Help contribute to Hawaii whale research
According to Kris Sarri, president and CEO of the National Marine Sanctuary Foundation, fewer humpback whales are being observed in the main Hawaiian Islands in recent years, “and we don’t know why.”
Scientific evidence also suggests that the peak of whale season is shifting earlier, toward January.
If research into our fascinating winter guests interests you, and you want to contribute, volunteer to participate in the Great Whale Count.
Free and open to the public, counts will be held on Jan. 26, Feb. 23 and March 30 from 8 a.m. to noon.
Held throughout the state and coordinated on Maui by Pacific Whale Foundation, the Great Whale Count brings volunteers together to count whales from shore as part of a long-term survey of humpback whales in Hawaii.
This three-part event provides a snapshot of trends in relative abundance of whales and is one of the world’s longest-running citizen scientist projects.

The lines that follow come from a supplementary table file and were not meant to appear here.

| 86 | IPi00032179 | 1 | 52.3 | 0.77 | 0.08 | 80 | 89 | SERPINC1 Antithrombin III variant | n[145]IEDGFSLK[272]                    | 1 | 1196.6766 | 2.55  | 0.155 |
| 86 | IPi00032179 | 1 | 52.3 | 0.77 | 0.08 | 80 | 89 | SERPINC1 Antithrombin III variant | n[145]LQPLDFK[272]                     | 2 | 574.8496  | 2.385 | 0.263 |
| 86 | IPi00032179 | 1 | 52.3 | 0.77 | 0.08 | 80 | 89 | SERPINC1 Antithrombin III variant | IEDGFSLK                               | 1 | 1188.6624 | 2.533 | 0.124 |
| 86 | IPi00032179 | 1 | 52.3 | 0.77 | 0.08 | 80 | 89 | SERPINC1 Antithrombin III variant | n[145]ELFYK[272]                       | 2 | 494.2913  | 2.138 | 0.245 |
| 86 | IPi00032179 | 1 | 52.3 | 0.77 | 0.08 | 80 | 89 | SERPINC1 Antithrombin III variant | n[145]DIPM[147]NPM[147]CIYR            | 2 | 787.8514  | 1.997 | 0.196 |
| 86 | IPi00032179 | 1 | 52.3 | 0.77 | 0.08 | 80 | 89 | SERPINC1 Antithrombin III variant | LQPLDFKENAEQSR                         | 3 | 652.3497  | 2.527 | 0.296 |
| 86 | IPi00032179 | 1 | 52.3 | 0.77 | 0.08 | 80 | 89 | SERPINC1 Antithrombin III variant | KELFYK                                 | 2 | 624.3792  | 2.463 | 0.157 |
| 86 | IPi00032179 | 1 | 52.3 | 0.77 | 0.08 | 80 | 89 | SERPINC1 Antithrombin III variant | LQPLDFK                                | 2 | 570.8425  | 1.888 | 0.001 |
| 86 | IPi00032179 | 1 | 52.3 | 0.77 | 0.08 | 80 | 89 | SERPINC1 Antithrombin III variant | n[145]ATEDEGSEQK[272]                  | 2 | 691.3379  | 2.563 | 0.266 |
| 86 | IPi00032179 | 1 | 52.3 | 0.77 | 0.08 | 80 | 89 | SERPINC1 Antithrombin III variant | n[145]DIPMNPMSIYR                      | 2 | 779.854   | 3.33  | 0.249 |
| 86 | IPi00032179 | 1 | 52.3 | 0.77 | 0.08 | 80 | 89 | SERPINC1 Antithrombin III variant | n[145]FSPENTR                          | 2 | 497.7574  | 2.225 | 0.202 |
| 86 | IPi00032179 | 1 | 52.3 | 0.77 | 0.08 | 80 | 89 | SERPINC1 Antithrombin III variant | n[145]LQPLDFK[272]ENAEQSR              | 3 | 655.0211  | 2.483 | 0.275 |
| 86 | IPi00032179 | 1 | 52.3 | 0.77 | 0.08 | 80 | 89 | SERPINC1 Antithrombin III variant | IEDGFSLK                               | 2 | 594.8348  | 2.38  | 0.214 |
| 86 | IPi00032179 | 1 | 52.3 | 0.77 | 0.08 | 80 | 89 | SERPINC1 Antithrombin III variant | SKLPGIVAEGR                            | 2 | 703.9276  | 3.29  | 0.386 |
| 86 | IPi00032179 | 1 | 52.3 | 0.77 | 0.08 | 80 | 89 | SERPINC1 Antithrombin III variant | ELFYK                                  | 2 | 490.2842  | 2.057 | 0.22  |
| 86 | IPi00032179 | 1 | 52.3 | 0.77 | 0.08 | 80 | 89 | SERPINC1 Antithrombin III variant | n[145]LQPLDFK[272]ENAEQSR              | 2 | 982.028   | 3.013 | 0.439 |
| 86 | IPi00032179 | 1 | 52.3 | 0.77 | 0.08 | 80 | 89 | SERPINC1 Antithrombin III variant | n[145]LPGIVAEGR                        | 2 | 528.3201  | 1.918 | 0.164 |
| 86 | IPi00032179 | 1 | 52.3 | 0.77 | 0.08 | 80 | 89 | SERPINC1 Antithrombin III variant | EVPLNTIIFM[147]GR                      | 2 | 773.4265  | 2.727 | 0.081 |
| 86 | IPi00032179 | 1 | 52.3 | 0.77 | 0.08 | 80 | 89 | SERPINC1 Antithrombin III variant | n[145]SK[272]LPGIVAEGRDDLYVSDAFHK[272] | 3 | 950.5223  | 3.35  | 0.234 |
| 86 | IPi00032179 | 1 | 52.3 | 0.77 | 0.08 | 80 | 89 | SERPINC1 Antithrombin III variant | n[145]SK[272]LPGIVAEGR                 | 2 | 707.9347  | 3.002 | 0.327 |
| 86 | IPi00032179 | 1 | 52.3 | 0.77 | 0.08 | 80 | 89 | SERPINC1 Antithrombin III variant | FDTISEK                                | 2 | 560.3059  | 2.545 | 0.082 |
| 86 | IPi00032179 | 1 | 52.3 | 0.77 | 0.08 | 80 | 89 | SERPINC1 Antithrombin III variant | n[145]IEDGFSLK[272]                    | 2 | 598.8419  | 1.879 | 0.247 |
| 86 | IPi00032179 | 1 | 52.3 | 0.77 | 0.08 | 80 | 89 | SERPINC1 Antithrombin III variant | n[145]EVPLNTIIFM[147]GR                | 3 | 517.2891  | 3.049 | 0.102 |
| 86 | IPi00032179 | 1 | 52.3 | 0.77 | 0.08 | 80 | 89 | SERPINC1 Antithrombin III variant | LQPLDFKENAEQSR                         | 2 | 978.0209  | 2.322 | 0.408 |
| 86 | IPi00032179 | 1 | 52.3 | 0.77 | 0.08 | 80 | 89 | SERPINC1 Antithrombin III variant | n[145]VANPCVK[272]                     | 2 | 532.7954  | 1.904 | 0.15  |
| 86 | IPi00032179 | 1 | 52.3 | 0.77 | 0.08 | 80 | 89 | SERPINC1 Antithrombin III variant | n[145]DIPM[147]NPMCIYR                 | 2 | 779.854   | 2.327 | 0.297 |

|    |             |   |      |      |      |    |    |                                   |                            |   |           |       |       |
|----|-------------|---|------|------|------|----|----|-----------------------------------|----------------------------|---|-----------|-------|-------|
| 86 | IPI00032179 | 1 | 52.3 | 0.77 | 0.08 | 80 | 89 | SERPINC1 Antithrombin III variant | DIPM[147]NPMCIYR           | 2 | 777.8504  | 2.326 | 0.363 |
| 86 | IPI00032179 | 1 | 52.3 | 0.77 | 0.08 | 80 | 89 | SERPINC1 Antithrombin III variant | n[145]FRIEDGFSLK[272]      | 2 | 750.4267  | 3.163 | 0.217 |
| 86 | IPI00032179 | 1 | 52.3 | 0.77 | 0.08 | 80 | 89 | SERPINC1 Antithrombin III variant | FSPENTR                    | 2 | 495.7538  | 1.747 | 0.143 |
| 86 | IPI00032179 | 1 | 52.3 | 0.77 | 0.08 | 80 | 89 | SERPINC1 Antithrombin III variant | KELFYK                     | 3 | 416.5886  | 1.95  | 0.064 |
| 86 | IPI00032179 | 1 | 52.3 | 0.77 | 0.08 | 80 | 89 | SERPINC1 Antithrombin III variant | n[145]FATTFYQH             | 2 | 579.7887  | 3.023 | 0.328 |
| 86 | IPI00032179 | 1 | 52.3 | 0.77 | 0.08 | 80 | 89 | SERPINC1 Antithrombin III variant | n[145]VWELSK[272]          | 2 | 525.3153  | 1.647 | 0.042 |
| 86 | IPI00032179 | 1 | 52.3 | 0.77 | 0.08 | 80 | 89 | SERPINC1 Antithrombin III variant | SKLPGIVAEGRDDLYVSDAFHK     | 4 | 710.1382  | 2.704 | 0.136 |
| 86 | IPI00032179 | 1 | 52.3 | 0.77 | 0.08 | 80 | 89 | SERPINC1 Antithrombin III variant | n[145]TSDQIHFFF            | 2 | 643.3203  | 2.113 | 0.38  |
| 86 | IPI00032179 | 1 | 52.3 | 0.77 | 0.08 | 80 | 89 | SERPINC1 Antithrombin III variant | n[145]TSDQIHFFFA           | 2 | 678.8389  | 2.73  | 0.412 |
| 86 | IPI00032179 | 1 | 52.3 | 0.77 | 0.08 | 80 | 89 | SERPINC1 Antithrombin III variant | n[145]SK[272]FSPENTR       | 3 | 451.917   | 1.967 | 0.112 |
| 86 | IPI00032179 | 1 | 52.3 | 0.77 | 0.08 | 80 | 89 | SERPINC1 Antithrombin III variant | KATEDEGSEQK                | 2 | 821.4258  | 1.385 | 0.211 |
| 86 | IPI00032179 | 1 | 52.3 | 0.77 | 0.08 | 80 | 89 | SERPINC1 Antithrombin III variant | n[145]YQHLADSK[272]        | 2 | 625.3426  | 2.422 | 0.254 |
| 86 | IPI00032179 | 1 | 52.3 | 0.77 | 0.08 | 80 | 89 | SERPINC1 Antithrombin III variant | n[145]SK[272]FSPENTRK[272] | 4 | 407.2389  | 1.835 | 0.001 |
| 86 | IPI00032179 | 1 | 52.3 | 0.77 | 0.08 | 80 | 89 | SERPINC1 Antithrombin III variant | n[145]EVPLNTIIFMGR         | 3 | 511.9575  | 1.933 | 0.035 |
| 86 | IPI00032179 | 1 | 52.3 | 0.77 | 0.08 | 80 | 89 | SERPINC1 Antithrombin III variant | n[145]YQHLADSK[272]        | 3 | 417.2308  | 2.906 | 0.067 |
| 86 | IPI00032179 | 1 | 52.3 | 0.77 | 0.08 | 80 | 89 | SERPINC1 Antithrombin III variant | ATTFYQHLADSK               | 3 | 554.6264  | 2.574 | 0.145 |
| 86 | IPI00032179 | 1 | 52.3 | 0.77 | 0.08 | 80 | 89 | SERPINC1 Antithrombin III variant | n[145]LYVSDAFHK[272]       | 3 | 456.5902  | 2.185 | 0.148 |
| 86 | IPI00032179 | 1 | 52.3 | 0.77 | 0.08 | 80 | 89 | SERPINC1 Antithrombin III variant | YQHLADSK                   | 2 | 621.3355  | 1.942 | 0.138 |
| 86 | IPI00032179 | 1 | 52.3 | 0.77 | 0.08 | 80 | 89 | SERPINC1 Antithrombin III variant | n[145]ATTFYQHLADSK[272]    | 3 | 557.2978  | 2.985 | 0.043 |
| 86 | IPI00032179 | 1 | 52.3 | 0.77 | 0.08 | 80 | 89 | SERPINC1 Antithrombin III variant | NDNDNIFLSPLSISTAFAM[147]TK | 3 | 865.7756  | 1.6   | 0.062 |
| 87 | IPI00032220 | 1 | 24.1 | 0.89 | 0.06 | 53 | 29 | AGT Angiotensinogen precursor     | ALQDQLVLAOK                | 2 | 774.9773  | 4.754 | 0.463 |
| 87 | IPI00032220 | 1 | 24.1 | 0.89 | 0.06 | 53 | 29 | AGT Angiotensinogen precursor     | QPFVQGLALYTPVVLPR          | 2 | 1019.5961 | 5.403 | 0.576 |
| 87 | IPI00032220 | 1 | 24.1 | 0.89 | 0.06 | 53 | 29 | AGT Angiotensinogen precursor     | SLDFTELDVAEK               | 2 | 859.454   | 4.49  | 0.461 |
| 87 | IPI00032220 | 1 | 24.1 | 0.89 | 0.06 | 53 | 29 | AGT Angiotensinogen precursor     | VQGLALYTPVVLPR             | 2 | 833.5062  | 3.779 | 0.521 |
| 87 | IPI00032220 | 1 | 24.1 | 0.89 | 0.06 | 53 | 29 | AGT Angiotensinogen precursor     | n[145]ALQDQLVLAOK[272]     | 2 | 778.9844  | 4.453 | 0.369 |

“The economic benefit of citizen science is incredibly important to researchers, who can only collect a small amount of data themselves and are often facing budgetary restrictions,” said foundation Chief Biologist Stephanie Stack.
“By crowd-sourcing data collection, researchers can learn much more about the natural environment than they can with individual effort.”
Maui’s counts will be synched with the Hawaiian Islands Humpback Whale National Marine Sanctuary’s annual Ocean Counts on Oahu, Kauai and the Big Island to compare data and develop a comprehensive snapshot of trends across the main Hawaiian Islands.
To participate, register in advance at mauiwhalefestival.org/greatwhalecount.
Citizen science supplements whale research and knowledge. Help by volunteering for the Great Whale Count.